How Microchips Save Lives
The single most important thing you can do to protect your animal from theft or loss is to make sure that your animal has identification on at ALL times. Although collars with ID tags and licenses are very important (and often required by law), they can fall off or intentionally be removed if your animal is stolen or becomes lost. Don’t wait until it’s too late!
Developed by a veterinarian, the AVID® and HomeAgainTM microchips are safe, permanent and take only seconds to administer. The tiny injectable “chip” contains a one-of-a-kind identification number and is recognized worldwide. A special scanner is used to read the microchip through the skin of the animal. The animal feels nothing as the chip’s number quickly appears in the scanner’s viewing window. With a phone call, the registered chip can be traced back to the purchaser if necessary.
Microchips are a permanent, positive form of identification that cannot be intentionally removed or lost. They are one of the safest, simplest and least expensive ways to protect your companion animal. It’s no wonder the animal welfare and veterinary communities are touting microchips as the wave of the future!
A microchip is a tiny computer chip programmed with an identification number, comprised of biocompatible material. The device is approximately the size of a grain of rice and small enough to fit inside a hypodermic needle. The chip is simply injected under the animal’s skin, often in the scruff of the neck, where it stays safely lodged for the rest of the animal’s life. Animals of any age can be injected with microchips, although some veterinarians prefer to wait until cats are six months of age.
The computer memory in the microchip contains a unique identification number. No two animals are ever assigned the same number. A radio signal is used to read the number with a scanner through the skin of the animal. Most shelters and veterinary offices have scanners in their offices and use them regularly.
When a shelter staff member or veterinarian discovers an animal with a microchip and identification number, he or she immediately contacts the microchip company. A telephone representative for the microchip company will access a database and provide the caller with the animal guardian’s contact information. If the animal is not registered on the microchip company’s national database, the name and number of the veterinarian or shelter who installed the microchip will be provided. Veterinarians and shelters maintain their own separate databases that are often used in conjunction with the microchip company’s national database or registry.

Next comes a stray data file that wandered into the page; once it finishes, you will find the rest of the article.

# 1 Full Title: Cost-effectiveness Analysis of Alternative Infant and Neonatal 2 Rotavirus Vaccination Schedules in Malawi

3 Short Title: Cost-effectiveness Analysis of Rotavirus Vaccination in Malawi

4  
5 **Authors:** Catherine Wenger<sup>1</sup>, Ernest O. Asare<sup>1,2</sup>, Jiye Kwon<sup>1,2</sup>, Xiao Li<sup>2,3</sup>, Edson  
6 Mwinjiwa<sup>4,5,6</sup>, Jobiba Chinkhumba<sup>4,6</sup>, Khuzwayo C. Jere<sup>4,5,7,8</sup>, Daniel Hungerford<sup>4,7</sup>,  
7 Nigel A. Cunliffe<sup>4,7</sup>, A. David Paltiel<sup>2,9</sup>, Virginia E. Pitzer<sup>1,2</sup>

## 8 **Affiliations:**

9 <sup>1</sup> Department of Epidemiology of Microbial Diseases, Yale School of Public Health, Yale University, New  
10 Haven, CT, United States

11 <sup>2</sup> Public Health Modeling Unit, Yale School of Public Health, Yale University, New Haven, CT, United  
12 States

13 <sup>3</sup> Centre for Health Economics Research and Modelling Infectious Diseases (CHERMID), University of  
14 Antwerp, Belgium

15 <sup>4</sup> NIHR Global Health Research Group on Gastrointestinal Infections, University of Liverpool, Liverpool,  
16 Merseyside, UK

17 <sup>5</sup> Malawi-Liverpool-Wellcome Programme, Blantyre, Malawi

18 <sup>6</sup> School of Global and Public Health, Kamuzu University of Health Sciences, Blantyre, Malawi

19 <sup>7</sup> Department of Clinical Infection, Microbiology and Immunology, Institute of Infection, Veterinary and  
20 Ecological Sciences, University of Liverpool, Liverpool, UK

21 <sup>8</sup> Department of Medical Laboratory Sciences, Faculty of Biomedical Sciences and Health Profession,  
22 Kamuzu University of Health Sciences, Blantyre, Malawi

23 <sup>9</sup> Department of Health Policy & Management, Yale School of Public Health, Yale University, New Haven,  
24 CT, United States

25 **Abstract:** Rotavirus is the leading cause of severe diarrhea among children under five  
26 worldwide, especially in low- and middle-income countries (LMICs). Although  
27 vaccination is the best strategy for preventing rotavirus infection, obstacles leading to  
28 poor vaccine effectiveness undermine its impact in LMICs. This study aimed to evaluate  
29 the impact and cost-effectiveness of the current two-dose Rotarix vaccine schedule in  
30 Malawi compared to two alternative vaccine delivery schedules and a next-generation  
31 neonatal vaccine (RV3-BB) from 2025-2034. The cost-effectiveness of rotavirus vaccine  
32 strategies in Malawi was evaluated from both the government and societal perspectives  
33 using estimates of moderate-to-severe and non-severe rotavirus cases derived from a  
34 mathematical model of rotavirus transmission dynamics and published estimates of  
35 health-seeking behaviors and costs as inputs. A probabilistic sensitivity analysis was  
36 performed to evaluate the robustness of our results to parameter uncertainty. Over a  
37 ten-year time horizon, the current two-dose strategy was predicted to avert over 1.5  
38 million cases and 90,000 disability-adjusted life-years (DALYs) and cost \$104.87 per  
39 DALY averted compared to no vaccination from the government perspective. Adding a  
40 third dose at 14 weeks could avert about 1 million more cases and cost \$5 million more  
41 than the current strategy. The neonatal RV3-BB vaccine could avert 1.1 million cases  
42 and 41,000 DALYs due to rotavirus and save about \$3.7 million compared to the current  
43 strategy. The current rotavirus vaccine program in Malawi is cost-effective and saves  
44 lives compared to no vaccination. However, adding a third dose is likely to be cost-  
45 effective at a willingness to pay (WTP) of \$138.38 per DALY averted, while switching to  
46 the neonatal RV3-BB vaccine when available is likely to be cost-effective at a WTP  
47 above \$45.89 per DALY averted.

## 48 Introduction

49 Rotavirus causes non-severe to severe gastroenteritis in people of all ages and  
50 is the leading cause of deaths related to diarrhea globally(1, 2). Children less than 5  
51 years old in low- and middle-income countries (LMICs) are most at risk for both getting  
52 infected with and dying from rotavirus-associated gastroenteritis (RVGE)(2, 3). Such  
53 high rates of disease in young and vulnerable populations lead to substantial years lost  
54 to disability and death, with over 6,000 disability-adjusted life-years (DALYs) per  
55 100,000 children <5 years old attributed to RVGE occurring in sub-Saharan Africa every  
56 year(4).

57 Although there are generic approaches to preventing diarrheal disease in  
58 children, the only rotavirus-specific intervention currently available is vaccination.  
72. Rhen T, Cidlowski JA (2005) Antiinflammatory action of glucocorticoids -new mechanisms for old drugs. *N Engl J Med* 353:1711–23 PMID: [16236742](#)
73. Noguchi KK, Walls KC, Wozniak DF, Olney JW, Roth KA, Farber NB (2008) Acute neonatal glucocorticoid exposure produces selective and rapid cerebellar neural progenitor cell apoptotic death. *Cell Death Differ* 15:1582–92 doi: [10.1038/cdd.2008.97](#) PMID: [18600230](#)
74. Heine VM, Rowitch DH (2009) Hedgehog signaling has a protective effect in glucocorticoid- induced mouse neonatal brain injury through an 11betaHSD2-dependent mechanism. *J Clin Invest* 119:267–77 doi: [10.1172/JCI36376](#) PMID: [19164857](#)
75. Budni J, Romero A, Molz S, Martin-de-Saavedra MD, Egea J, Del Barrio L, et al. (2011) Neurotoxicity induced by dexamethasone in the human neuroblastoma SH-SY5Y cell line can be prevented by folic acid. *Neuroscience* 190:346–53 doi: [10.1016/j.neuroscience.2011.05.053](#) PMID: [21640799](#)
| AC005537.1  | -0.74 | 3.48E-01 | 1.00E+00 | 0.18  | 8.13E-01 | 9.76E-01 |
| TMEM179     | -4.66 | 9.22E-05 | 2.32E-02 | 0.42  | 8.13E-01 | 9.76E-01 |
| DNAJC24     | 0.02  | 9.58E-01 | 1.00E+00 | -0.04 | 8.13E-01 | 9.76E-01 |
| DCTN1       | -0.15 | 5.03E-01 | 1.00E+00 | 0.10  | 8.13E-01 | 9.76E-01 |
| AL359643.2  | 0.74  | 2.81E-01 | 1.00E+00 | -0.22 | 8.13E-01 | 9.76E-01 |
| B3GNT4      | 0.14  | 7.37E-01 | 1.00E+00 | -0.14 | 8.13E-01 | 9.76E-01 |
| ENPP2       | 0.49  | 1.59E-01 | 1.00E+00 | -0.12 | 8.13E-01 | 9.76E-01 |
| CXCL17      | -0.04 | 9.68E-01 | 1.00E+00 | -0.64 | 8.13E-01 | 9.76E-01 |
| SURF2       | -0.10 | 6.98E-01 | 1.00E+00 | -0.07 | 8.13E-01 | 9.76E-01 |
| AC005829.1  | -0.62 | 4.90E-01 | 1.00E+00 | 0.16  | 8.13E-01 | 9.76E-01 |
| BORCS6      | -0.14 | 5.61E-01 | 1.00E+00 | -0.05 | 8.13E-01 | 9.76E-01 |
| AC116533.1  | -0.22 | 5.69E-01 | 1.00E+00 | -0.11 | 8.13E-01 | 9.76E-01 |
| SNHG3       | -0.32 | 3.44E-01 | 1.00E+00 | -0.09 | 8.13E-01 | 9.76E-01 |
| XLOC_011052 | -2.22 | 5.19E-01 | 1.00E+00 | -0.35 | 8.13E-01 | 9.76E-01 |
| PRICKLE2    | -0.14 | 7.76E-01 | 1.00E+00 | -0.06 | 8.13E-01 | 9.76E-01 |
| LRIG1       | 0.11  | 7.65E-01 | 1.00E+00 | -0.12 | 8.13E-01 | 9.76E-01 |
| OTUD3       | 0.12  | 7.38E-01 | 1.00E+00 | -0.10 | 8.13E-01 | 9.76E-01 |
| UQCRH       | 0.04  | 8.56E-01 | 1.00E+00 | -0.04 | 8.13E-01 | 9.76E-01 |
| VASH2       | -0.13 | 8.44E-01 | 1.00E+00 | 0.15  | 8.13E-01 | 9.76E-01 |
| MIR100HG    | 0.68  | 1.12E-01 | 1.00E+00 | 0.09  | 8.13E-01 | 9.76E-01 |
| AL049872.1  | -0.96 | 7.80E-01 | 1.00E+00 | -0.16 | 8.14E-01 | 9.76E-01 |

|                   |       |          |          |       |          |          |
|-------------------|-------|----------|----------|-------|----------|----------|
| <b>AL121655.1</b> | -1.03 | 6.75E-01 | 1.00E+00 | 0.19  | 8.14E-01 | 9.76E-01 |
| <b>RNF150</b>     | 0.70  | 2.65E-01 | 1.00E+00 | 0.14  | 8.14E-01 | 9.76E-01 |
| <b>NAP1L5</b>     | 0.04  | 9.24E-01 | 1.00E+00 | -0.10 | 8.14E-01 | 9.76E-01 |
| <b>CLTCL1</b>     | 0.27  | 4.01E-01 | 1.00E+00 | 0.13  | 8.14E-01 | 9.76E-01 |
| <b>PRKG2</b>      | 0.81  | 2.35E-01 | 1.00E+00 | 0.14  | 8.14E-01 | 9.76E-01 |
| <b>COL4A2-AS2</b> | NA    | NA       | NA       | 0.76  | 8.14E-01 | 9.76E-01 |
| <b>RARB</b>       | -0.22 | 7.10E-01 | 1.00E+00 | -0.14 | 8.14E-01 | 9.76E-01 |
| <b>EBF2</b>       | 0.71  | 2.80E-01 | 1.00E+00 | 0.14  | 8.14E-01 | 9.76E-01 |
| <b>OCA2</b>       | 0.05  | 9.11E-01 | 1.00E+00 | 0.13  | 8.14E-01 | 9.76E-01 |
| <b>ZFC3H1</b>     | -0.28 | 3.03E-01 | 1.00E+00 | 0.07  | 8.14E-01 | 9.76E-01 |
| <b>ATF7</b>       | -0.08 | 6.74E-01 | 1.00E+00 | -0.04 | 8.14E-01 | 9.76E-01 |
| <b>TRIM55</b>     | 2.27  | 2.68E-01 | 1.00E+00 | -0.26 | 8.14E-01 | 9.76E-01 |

How Much Does A Microchip Cost?
Microchips generally cost around $40. Although veterinarians only charge approximately $25 to implant the microchip and register on their database, it costs $15 extra to register on the microchip company’s national database. Some people balk at the extra $15 charge, but we highly recommend signing up on the national registry. This can significantly increase the chances that your lost animal will be reunited with you, should he or she become lost. The national registry is staffed around the clock, while vets and shelters are usually not open 24 hours a day.
The chips most commonly used in the United States companion animal industry are AVID® and HomeAgainTM. Shelters know and trust these microchip companies to provide fast recovery services for lost pets. In the mid 90’s, shelter groups asked microchip companies to provide shelters with a “universal” scanner that could read both chips. Since then, rescue groups, shelters and humane societies can use a single scanner to detect any 125 kHz microchip.
United Hope for Animals fostered dogs are micro-chipped. We strongly suggest that you also microchip your current pets. When you adopt one of our dogs your dog’s foster person will guide your through the microchip process and answer any questions that you might have.
Photos by: Adam Lisagor